Drought-related tree death of savanna eucalypts: Species susceptibility, soil conditions and root architecture


  • Nomenclature: Because of the complex nomenclature of the taxa to be treated here vernacular names as elucidated in Table 1 will be used (see also Henderson 2002).

Corresponding author; E-mail rod.fensham@epa.qld.gov.au


Questions: For eucalypt savanna in northeast Australia subject to multi-year rainfall deficits this paper asks whether (1) dominant tree species (Ironbarks, Boxes) are more drought susceptible than the sub-dominant Bloodwoods; (2) whether soil moisture is beyond wilting point in surface soil layers but available at depth; (3) soil conditions (moisture availability and texture) are related to tree death during drought; (4) the root systems of the Boxes and Ironbarks are shallower than the Bloodwoods; and the survivors of drought within species have deeper root systems than those that died.

Location: Central Queensland, Australia.

Methods: Patterns of tree death between eucalypt species were compared from field data collected after drought. Soil conditions during drought were described and compared with patterns of tree death for the Ironbark Eucalyptus melanophloia. The basal area and orientation of coarse roots were measured on upturned trees after broad-scale tree clearing, and compared between species, and between live and dead trees with tree size as a covariate.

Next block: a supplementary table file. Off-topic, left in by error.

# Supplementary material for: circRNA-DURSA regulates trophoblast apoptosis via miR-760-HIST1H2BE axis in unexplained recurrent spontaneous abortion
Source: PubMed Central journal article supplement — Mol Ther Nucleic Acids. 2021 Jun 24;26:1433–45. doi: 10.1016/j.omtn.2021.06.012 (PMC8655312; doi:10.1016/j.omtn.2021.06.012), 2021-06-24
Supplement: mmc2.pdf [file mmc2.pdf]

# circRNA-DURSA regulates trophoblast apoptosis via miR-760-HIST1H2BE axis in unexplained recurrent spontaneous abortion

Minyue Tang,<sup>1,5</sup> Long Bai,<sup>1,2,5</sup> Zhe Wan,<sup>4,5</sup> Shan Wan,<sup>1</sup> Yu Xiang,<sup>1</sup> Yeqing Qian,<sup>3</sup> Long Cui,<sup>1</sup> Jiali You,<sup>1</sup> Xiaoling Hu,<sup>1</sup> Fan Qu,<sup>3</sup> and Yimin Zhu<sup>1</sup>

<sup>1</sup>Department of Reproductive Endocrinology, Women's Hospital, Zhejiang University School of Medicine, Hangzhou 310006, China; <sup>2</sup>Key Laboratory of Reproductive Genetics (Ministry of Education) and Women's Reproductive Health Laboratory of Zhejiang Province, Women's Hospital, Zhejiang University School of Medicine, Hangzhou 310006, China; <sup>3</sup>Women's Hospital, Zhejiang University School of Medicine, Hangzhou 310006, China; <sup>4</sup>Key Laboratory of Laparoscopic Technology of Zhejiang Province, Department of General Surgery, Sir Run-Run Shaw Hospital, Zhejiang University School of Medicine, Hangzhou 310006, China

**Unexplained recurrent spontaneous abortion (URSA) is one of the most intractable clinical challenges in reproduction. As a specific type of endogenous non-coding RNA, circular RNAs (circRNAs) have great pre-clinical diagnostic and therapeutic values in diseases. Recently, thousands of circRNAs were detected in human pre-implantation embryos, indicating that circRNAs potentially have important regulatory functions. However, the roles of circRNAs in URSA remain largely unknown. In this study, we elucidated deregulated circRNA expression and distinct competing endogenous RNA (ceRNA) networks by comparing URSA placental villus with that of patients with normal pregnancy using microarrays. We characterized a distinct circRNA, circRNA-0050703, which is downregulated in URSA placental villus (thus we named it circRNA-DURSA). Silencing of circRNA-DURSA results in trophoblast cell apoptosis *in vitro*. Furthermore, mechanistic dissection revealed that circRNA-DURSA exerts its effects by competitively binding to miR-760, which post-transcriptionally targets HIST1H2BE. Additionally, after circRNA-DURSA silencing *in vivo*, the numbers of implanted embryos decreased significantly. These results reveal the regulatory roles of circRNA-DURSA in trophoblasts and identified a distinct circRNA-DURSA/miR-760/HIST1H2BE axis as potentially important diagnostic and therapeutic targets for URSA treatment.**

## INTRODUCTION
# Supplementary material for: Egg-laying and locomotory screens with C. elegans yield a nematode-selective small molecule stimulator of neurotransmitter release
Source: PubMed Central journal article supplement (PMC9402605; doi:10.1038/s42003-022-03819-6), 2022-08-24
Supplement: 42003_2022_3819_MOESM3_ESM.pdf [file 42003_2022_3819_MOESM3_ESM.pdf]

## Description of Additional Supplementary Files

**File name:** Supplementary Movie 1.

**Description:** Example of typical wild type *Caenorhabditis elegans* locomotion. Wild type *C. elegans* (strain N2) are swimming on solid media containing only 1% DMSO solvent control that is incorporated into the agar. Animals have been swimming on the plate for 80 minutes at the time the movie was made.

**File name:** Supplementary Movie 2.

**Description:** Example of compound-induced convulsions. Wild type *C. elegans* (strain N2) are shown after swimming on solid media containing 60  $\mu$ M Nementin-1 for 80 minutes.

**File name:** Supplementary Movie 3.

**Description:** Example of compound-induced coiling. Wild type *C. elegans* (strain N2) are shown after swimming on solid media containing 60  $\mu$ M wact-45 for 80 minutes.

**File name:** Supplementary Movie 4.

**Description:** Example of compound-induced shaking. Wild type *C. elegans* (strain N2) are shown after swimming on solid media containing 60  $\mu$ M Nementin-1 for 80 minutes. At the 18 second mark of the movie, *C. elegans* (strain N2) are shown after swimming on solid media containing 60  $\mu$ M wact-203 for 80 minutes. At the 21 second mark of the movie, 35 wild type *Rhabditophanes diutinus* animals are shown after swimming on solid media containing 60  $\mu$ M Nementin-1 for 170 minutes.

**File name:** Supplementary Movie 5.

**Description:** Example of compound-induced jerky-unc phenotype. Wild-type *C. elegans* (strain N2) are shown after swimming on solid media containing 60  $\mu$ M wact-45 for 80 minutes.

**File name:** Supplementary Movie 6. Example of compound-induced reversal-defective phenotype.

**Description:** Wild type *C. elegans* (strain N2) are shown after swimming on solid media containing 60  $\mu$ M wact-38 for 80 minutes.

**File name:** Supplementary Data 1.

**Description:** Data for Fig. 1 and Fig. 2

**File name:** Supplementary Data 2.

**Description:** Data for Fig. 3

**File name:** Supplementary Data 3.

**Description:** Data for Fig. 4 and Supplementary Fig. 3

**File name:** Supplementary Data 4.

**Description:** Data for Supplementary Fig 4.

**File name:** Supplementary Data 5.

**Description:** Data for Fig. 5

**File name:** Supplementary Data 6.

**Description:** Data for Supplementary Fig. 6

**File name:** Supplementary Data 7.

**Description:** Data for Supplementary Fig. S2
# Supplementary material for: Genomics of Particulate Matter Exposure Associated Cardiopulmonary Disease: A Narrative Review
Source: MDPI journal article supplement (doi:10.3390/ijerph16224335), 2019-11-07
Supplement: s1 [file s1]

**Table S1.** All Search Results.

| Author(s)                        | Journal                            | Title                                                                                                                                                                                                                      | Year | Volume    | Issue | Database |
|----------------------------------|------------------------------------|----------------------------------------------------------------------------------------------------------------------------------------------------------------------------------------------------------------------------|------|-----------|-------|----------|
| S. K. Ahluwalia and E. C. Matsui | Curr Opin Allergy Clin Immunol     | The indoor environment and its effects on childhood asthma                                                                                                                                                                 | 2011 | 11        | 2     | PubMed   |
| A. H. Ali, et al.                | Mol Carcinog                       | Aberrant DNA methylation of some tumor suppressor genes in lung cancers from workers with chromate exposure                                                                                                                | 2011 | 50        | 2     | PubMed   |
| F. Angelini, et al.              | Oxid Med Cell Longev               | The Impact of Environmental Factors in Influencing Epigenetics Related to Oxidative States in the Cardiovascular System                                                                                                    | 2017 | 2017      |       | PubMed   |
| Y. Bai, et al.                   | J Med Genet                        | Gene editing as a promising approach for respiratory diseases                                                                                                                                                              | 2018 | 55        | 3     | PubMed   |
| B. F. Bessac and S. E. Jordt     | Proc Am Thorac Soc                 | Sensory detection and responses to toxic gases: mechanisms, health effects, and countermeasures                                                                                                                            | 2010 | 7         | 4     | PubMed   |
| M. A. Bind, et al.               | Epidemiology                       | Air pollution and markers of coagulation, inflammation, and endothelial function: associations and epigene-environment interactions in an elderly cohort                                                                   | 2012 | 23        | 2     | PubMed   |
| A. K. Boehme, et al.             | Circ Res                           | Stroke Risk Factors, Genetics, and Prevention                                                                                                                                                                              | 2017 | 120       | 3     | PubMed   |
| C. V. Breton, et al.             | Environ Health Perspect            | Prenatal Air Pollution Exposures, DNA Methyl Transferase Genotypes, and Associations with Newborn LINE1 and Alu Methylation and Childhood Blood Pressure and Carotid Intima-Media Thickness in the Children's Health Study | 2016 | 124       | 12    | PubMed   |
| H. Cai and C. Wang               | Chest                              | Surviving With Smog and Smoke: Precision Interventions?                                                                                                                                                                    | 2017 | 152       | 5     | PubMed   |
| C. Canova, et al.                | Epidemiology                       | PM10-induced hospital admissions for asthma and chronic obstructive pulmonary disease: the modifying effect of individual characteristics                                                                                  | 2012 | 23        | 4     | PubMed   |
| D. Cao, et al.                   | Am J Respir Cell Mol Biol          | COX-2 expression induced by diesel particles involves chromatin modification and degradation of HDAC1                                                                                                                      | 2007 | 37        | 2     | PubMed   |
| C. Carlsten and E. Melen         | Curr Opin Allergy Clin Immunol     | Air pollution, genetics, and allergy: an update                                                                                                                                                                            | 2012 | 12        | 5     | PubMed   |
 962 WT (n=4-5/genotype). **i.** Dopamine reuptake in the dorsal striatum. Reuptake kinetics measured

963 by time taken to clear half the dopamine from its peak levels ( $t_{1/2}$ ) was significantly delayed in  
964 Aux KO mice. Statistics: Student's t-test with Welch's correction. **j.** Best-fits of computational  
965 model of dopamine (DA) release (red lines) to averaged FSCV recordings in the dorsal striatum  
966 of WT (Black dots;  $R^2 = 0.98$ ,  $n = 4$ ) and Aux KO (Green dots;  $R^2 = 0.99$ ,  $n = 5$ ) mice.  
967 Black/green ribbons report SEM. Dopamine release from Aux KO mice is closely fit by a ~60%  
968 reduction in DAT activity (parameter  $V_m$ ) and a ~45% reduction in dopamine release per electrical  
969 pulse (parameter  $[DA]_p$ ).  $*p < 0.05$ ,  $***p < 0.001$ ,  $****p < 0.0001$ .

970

Results: Drought-induced tree death was higher for dominant Ironbark-Box than for sub-dominant Bloodwoods. During a moderate to severe drought in 2004, 41% of 100 cm deep subsoils had soil matric potential less than-5600 kPa. The drought hardy Bloodwoods had a greater root basal area and particularly so for vertical roots compared to the drought sensitive Ironbark-Box. Within species there was no significant difference in root basal area characteristics between trees that were recently killed by drought and those that remained relatively healthy. Surface soil moisture availability was lower where tree densities were high, and tree death increased as surface soil moisture became less available. Tree death was also greater as the clay content of sub-soils increased.

Discussion: The study suggests species with roots confined to upper soil layers will suffer severe water stress. The results strongly indicate that root architecture, and the way it facilitates water use during drought, is important for the relative dominance of the tree species. Patchiness in drought-induced tree death seems to be at least partially a product of heterogeneity in sub-soil conditions and competition for soil moisture.